One of the people who got me started in my love of spec fic was D. C. Fontana. When I was a child in the early seventies, I’d sneak down to the tiny black and white television in the basement, hunched over in a corner hoping nobody would catch me and laugh at me, and watch the classic series of Star Trek when it came on reruns. The show’s writer would come up on the screen:
And I would worship the ground he (had to be a he, right?) walked on. Every storyline was completely new and utterly mind-blowing. Space exploration, aliens, the future – all of this enthralled me. I went to the library and looked for stories by D. C. Fontana and that led me (in a roundabout way) to Fontana Science Fiction, a publishing imprint of the time which had nothing to do with her but was producing leading edge spec fic. In between Star Trek and my newly discovered library books, I was in heaven.
It wasn’t until years later that I discovered that the D stood for Dorothy. She started out as Gene Roddenberry’s secretary (at that time it would have been ‘of course’) but went on to write teleplays for just about every show on the television in the sixties, seventies and to some degree the eighties. Not just sci-fi like Star Trek or The Six Million Dollar Man – she worked on Bonanza, Dallas, Kung Fu, Streets of San Francisco, even The Waltons. I watched all of these when I was growing up.
She helped write the first episode of The Next Generation, ‘Encounter at Farpoint’ (which is being remastered and looks wonderful), and wrote some episodes of DS9. She wrote fiction under the pen-names of Michael Richards and J. Michael Bingham as well.
With the wisdom of hindsight, people have looked back and criticise Ms Fontana’s work as being unimaginative, over soap-operatic, ‘trite’ and ‘naïve’. But back then, I was excited and her episodes of Star Trek were the best television I’d ever seen. It was something completely different from anything I’d seen before, and I wanted more.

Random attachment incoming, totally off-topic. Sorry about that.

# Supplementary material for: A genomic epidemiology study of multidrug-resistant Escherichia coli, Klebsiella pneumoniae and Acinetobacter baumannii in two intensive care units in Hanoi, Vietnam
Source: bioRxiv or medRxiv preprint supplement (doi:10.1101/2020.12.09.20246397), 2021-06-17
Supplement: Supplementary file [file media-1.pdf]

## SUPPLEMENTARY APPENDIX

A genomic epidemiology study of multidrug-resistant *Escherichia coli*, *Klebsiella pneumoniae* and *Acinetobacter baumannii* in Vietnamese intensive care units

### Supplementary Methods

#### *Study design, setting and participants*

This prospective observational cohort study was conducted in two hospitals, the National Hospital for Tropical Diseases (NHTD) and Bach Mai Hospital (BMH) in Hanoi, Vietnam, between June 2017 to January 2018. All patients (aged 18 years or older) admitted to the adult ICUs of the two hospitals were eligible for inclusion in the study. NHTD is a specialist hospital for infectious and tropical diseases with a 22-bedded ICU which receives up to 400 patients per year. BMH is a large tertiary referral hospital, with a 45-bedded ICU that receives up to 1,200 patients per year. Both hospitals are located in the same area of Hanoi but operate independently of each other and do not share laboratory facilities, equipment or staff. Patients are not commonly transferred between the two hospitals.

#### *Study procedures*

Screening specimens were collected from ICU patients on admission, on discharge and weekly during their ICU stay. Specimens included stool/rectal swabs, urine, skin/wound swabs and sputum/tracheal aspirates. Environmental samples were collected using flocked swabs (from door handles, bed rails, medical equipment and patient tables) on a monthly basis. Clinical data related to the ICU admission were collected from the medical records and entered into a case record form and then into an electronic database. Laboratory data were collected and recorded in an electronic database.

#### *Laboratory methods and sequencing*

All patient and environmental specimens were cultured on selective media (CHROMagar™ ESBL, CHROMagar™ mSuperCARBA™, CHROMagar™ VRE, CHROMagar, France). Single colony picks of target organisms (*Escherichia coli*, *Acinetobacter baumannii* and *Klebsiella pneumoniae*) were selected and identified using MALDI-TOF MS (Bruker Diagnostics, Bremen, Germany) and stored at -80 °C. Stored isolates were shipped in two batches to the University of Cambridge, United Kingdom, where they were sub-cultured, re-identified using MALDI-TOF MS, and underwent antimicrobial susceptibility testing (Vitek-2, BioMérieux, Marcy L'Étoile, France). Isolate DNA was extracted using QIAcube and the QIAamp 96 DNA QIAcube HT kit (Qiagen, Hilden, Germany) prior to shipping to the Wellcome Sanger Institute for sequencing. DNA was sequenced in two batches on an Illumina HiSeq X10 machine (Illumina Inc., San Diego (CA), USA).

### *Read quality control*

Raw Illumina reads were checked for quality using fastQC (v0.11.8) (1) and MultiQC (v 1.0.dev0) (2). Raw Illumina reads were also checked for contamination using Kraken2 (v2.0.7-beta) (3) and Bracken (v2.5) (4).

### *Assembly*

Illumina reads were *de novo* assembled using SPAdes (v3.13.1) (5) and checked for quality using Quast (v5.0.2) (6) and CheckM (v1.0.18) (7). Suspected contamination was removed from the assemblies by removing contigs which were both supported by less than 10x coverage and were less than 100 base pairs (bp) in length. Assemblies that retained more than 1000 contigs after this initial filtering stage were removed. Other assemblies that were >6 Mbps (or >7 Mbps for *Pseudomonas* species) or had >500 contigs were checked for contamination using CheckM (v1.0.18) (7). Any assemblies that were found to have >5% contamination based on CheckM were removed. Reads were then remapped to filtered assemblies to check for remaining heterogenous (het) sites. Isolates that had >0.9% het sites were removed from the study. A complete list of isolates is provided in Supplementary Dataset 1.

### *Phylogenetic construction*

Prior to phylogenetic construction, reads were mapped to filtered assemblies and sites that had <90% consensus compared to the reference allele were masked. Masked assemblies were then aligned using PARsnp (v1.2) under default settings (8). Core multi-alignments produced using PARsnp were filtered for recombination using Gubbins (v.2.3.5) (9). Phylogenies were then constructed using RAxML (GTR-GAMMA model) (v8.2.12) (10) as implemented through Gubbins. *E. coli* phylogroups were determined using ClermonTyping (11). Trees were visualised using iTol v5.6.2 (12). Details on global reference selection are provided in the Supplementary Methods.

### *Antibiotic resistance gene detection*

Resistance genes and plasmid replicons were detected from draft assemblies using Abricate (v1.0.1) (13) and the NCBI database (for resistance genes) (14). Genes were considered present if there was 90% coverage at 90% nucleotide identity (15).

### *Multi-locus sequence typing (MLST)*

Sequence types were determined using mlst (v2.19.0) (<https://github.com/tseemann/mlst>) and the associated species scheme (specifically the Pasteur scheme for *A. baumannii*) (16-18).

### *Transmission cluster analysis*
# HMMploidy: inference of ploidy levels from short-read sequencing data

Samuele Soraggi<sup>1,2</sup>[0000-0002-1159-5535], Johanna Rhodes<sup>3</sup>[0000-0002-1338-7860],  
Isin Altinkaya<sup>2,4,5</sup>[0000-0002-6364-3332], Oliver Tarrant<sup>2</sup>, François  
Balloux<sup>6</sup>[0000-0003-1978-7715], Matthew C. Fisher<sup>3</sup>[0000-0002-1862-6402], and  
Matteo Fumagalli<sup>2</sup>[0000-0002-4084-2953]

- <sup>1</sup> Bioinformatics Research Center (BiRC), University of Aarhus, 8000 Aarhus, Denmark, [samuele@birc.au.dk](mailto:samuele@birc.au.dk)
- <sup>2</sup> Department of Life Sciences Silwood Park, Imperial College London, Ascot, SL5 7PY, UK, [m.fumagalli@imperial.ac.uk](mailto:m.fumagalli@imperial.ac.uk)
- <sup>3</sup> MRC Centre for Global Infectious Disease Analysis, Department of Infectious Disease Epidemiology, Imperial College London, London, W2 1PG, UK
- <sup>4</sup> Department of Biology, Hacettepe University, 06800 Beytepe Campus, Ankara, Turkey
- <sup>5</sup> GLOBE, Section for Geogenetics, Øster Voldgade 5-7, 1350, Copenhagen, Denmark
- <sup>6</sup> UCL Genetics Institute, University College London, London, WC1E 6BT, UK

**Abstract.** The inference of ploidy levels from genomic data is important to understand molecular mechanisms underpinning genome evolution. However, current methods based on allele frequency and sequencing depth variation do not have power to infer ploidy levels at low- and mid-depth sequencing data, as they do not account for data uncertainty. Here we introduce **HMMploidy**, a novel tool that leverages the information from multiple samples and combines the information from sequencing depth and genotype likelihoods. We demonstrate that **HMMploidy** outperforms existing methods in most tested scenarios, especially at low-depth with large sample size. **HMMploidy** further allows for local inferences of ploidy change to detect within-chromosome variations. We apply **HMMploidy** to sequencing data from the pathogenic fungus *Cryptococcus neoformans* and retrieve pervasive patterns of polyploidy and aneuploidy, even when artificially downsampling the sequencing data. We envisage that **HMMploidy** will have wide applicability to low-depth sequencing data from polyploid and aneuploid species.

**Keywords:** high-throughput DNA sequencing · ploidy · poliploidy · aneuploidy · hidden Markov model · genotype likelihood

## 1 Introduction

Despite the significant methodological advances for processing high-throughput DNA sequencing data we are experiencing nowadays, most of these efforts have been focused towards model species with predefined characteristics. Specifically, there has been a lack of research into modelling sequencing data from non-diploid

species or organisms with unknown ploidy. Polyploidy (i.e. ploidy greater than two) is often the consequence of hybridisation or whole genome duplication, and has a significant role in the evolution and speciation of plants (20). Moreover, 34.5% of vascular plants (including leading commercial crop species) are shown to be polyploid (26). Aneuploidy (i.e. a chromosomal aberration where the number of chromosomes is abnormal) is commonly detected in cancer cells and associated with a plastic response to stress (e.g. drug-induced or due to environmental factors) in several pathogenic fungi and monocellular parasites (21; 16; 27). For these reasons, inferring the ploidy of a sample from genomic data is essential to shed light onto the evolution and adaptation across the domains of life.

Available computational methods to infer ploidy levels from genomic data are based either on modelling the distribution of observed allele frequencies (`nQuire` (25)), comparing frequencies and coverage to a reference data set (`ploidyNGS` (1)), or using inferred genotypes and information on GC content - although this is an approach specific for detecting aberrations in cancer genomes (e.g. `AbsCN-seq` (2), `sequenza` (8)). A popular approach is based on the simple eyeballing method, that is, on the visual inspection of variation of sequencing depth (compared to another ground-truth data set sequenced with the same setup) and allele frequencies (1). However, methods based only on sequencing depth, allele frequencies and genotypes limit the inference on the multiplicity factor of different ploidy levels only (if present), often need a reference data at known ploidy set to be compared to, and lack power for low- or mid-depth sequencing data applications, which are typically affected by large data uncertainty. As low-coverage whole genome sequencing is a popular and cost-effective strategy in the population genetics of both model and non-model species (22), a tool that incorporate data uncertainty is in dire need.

She led me into the vast world of speculative fiction, and completely changed my life. I wish I’d known at the time that she is a woman; it may have inspired me to start writing much earlier in my own career.
Kylie Chan married a Hong Kong national in a traditional Chinese wedding ceremony in Eastern China, lived in Australia for ten years, then moved to Hong Kong for ten years and during that time learnt a great deal about Chinese culture and came to appreciate the customs and way of life.
In 2003 she closed down her successful IT consultancy company in Hong Kong and moved back to Australia. She used her knowledge of Chinese mythology, culture, and martial arts to weave a story that would appeal to a wide audience.
Since returning to Australia, Kylie has studied Kung Fu (Wing Chun and Southern Chow Clan styles) as well as Tai Chi and is now a senior belt in both forms. She has also made an intensive study of Buddhist and Taoist philosophy and has brought all of these together into her storytelling.
Kylie is a mother of two who lives in Brisbane, and her website is at www.kyliechan.com.
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